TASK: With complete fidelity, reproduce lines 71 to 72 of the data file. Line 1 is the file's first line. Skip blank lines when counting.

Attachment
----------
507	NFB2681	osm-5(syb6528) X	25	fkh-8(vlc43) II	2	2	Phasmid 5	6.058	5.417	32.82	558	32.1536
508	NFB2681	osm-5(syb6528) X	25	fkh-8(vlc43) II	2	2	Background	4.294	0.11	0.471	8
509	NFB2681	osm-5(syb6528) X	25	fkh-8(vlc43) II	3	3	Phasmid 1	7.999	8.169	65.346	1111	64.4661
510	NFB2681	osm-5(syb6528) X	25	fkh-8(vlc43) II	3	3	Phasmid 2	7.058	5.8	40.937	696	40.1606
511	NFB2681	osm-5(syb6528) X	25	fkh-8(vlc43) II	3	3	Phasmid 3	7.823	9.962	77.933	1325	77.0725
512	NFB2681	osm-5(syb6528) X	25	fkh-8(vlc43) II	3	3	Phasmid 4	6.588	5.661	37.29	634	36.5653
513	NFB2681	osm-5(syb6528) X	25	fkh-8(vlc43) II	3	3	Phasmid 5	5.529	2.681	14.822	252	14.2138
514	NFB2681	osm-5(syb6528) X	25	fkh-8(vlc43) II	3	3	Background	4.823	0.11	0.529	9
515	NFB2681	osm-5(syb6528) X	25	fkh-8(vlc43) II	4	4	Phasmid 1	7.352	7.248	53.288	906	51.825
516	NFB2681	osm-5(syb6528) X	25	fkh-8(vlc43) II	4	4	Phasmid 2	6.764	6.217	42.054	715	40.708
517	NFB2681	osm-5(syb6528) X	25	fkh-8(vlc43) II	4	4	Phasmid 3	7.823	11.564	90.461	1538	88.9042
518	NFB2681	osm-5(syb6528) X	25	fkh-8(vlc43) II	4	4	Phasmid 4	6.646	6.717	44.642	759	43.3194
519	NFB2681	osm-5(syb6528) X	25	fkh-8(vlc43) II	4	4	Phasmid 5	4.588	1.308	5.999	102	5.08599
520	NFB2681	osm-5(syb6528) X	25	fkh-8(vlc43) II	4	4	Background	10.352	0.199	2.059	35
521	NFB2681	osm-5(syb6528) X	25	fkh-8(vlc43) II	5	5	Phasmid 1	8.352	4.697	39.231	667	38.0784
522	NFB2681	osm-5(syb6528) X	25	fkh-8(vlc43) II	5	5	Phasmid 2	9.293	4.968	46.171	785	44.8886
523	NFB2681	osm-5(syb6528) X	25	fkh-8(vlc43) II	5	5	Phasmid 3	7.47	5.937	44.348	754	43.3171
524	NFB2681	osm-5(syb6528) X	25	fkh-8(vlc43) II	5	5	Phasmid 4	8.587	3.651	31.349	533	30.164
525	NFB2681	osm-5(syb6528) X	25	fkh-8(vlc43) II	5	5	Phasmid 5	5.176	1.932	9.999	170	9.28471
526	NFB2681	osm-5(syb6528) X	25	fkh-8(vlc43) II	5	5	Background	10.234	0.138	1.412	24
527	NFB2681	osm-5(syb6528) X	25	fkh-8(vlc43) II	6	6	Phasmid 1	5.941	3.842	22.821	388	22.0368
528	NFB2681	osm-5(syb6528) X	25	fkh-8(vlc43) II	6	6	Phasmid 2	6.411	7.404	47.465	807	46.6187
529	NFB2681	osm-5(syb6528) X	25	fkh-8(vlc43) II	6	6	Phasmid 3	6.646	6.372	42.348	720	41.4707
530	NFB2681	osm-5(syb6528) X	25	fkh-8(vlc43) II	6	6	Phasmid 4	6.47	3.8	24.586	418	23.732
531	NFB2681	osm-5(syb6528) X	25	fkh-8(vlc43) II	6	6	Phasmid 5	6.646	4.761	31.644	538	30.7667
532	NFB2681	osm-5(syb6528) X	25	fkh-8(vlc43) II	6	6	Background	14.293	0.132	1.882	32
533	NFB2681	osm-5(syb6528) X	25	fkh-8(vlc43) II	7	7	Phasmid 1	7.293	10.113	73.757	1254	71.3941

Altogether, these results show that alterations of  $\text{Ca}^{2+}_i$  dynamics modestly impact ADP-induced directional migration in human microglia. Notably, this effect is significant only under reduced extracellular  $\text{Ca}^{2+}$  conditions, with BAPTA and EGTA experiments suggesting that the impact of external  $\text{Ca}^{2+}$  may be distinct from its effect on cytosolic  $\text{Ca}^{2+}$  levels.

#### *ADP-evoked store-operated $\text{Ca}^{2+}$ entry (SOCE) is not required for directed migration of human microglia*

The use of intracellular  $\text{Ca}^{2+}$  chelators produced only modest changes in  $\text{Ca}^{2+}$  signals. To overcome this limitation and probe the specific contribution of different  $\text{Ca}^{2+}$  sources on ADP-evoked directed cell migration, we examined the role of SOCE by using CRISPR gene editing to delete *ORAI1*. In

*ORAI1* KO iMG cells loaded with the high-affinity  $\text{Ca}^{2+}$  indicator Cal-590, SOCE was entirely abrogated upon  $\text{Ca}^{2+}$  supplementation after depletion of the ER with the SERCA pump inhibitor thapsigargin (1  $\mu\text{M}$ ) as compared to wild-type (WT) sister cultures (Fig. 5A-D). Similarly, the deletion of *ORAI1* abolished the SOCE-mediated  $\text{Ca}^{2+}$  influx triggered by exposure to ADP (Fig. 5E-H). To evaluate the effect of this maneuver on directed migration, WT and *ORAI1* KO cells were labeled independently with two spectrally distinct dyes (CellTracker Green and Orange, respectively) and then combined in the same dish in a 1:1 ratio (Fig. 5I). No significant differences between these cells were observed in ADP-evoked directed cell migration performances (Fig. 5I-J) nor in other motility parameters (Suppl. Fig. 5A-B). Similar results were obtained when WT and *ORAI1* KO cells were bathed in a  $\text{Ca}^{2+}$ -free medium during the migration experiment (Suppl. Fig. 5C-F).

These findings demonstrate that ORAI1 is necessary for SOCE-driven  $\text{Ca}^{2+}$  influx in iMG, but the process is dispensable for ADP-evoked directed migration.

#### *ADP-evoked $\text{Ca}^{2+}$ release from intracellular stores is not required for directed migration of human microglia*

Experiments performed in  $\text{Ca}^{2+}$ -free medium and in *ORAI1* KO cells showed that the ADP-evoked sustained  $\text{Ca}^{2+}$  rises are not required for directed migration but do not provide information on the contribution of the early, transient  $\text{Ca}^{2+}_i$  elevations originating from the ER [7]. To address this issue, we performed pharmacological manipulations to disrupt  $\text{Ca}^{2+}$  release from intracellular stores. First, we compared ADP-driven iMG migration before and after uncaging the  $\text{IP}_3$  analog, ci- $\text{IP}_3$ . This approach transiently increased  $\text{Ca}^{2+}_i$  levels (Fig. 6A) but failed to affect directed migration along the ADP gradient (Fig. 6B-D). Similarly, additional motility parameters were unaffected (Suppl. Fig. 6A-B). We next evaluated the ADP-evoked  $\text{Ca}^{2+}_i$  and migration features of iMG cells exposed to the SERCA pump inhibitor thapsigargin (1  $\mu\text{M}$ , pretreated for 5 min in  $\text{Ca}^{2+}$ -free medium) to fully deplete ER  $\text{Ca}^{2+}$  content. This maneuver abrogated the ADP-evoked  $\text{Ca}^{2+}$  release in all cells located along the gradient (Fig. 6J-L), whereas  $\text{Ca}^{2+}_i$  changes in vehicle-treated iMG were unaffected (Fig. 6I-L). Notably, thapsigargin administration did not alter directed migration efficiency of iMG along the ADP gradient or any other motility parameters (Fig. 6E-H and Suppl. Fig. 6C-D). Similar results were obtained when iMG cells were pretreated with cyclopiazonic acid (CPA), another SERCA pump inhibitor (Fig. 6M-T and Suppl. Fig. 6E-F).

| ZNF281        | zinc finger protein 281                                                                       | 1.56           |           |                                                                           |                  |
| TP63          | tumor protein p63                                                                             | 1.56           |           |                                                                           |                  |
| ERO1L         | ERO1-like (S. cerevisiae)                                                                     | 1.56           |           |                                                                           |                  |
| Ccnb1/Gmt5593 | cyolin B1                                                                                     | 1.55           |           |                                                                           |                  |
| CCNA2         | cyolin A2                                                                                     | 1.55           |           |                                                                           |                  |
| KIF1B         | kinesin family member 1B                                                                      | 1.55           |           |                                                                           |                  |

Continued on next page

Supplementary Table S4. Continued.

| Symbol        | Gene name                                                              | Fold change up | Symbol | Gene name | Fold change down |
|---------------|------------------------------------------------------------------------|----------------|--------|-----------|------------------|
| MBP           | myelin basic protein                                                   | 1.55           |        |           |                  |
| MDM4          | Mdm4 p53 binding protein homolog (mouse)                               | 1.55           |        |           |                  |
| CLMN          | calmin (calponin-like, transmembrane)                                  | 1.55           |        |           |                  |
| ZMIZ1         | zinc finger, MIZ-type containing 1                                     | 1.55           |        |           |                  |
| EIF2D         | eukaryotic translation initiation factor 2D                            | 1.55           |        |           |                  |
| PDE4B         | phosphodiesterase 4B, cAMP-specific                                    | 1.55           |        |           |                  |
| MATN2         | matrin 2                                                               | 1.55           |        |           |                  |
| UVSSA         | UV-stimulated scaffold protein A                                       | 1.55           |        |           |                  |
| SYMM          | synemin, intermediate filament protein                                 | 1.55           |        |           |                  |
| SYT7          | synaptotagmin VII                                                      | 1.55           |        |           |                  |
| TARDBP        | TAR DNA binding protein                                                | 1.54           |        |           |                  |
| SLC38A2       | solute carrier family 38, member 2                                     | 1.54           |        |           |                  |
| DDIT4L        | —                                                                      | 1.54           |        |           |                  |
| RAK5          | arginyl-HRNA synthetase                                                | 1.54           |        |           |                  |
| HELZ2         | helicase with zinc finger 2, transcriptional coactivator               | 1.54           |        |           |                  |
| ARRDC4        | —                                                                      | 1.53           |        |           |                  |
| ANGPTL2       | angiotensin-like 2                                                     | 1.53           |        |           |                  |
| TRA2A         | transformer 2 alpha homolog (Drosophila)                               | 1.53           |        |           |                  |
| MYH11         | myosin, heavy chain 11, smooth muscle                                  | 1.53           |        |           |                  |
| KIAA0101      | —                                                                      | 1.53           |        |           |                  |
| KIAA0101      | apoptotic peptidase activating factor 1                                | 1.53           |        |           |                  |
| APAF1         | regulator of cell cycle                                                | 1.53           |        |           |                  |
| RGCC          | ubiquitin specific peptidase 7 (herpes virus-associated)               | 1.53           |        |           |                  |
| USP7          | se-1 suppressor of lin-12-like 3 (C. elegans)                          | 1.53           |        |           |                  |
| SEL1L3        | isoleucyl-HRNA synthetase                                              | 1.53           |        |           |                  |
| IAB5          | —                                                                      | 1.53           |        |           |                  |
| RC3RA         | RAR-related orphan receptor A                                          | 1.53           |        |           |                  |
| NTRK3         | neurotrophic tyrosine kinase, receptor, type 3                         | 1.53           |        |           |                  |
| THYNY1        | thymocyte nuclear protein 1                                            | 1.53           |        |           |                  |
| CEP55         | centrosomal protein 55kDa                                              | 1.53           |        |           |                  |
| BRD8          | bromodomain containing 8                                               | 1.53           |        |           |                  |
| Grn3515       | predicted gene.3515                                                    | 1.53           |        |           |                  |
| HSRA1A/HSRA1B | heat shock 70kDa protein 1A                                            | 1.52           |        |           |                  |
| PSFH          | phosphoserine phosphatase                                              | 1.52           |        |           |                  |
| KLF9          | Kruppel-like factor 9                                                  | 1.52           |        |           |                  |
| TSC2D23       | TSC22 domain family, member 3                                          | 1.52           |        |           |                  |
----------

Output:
| RC3RA         | RAR-related orphan receptor A                                          | 1.53           |        |           |                  |
| NTRK3         | neurotrophic tyrosine kinase, receptor, type 3                         | 1.53           |        |           |                  |